A Project of NOMAS
The National Organization for Men Against Sexism, Racism, and Homophobia
Barry Shapiro is the Host of the Cable TV Series Men & Masculinity now available as a DVD or two volume video anthology
Program Guide for the Ten Part Series
Men & Masculinity: A Video Anthology
Barry Shapiro is a co-founder of NOMAS and hosts this ten part series on Men and Masculinity bringing attention to the twenty-five years of NOMAS' on-going, ground breaking contributions to combating sexism, racism, and homophobia. Program guests engage in illuminating discussions about male socialization, sex role identity, the prevalence and prevention of male violence, competition and hierarchies, male-female relations, privilege and prejudice, homophobia, parenting, men in prisons, the intersection of race, class, and gender, internalized oppression, and the "-isms." The series is comprised of interviews with authors, activists, therapists, and academics including Terry Kupers, Paul Kivel, Judith Newton, Victor Lewis, Hamish Sinclair, Darien Mitchell, Jane Ariel, and Martin Rogers.
Each program is approximately 25 minutes and is preceded by an introductory excerpt from NOMAS' Statement of Principles. NOMAS is anti-sexist, gay affirmative, anti-racist, and committed to enhancing men's lives. The running time for the two volumes combined is approximately five hours.
1. 'Boys Will Be Men'
Barry's guest, Paul Kivel, is a violence prevention educator and the author of several books, among which are: Men's Work (1992); Uprooting Racism (1996, revised 2002); and Boys Will Be Men (1999). In a warm and animated discussion, Paul describes contemporary men's "isolation, alienation, and frustration." Drawing on concepts and themes from all three of his books, he reminds us of the coercive power that traditional male scripts have on young and older men alike. Using his model of the "Act-Like-A-Man! box", he explains how male roles feed-on, and further homophobia, violence, male supremacist belief systems, the subjugation of women, and a diminished ability to feel and express emotions.
Stating that one can't discuss a child's gender without simultaneously and necessarily considering their race and class, Paul explains how social stratification affects child rearing. Since parents prepare their children for adulthood differently depending on what they believe society has in store for them, white professional middle class families realistically view different scenarios for their children than poor working class parents of color. Challenging all parents, but especially parents who are economically and socially privileged, Paul asks them if they are raising their children "to make a difference?" He offers two questions that parents might ask themselves about their child rearing practices: What will my children stand for?" and "Whom will they stand with?" Finally, Paul contrast the concepts of "male collusion" and "being allies (reference is made to Hamish Sinclair's work in ManAlive, a violence prevention program that will be the subject of a subsequent show in the series.) Barry describes the surprising successes he has had at a military establishment using one of Paul's group training exercises, "Stand up if you…," presented in Men's Work.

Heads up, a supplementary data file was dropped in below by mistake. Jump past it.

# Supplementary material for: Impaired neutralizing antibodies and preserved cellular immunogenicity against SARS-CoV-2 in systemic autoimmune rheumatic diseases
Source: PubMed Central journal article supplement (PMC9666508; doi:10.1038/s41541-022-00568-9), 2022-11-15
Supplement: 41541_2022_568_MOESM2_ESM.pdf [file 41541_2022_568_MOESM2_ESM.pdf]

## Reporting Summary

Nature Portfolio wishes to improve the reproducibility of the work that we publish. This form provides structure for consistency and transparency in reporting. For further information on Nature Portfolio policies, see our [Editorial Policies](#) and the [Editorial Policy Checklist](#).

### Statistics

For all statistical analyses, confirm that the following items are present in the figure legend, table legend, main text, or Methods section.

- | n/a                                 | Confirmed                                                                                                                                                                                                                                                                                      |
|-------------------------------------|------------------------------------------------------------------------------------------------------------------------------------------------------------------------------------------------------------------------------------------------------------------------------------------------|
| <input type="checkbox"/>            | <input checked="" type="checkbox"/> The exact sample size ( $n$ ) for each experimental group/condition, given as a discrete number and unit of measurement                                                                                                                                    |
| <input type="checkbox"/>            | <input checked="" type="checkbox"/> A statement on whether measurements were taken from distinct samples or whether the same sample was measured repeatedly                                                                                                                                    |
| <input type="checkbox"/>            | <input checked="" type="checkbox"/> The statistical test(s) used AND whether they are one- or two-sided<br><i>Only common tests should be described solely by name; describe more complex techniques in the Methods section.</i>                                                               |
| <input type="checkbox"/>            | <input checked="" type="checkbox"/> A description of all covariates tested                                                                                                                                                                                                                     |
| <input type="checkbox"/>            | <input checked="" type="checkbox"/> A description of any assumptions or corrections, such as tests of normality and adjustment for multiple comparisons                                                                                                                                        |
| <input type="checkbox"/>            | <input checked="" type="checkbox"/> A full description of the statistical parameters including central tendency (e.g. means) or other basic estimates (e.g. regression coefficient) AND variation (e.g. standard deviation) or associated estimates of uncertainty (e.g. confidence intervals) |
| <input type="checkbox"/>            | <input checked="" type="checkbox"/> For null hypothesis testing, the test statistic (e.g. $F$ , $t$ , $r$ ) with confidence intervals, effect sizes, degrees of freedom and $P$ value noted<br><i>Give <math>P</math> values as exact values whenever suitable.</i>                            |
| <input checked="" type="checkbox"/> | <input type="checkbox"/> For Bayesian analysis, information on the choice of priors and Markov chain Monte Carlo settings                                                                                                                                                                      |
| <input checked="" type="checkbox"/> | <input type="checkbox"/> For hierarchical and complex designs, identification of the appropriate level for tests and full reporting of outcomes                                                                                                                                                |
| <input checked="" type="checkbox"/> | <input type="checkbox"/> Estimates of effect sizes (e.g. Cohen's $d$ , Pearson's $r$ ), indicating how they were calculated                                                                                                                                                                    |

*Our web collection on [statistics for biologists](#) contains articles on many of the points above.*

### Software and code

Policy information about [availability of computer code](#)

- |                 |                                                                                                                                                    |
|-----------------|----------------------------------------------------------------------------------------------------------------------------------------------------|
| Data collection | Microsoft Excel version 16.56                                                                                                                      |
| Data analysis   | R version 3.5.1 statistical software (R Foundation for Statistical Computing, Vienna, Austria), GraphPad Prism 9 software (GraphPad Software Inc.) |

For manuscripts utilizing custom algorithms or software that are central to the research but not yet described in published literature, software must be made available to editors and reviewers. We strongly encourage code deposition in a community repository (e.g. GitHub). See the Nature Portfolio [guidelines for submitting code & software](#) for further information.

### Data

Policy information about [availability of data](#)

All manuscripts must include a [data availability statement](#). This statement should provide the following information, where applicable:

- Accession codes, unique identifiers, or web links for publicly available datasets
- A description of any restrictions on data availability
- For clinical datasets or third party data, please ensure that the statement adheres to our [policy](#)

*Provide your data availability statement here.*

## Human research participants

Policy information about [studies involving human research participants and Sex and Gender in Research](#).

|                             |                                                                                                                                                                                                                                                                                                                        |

2. Men & Violence, Part I
Barry 's guests for this two-part discussion are: Hamish Sinclair, Founder and Executive Director of ManAlive and Darien Mitchell, a ManAlive facilitator in the San Francisco Jail's violence prevention program.
ManAlive is a court-sanctioned, spousal abuse intervention/re-education program. ManAlive teaches men how they can identify, control, and eliminate their violence. In the last 20 years, it has trained over 40,000 men in the Bay Area alone. Part I explains ManAlive's strategy for de-constructing male violence. Theoretical and actual training elements of the anti-violence program are discussed, such as: a man's choice at the moment of "fatal peril" (the moment just before he chooses to be violent); the ideology of male supremacy and the enforced subordination of women; naming one's "hit-man" (the defensively invented positive concept of oneself as a batterer), and how to create male support for the courage to be non-violent. (These two programs can, but need not be viewed in sequence.)
3. Men & Violence, Part II
Barry continues his discussion with guests Hamish Sinclair and Darien Mitchell.
Guests explain how ManAlive differs from "anger management" and other therapy approaches, by teaching men non-violence through deconstructing the ideology of male supremacy, it's pathetic rewards system, and the inescapable, toxic, socialization process almost all men go through. They illustrate how offenders in the 52 week program move through the four stages of denial, minimization, blame, and collusion-each one a technique for avoiding responsibility for their violent decisions. We are shown how the more subtle forms of violence that include verbal and emotional coercion operate and escalate into physical violence, and how the objectification of one's partner ("thingifying") and the use of their children to manipulate and control them are employed. We learn about ManAlive's extraordinary successes in curbing male violence in the San Francisco County Jail.
(NOTE: While recognizing that many men's anti-battery/domestic violence programs exist throughout the country, some more effective than others, NOMAS officially endorses only the New York State Model.)
4. Men in Prison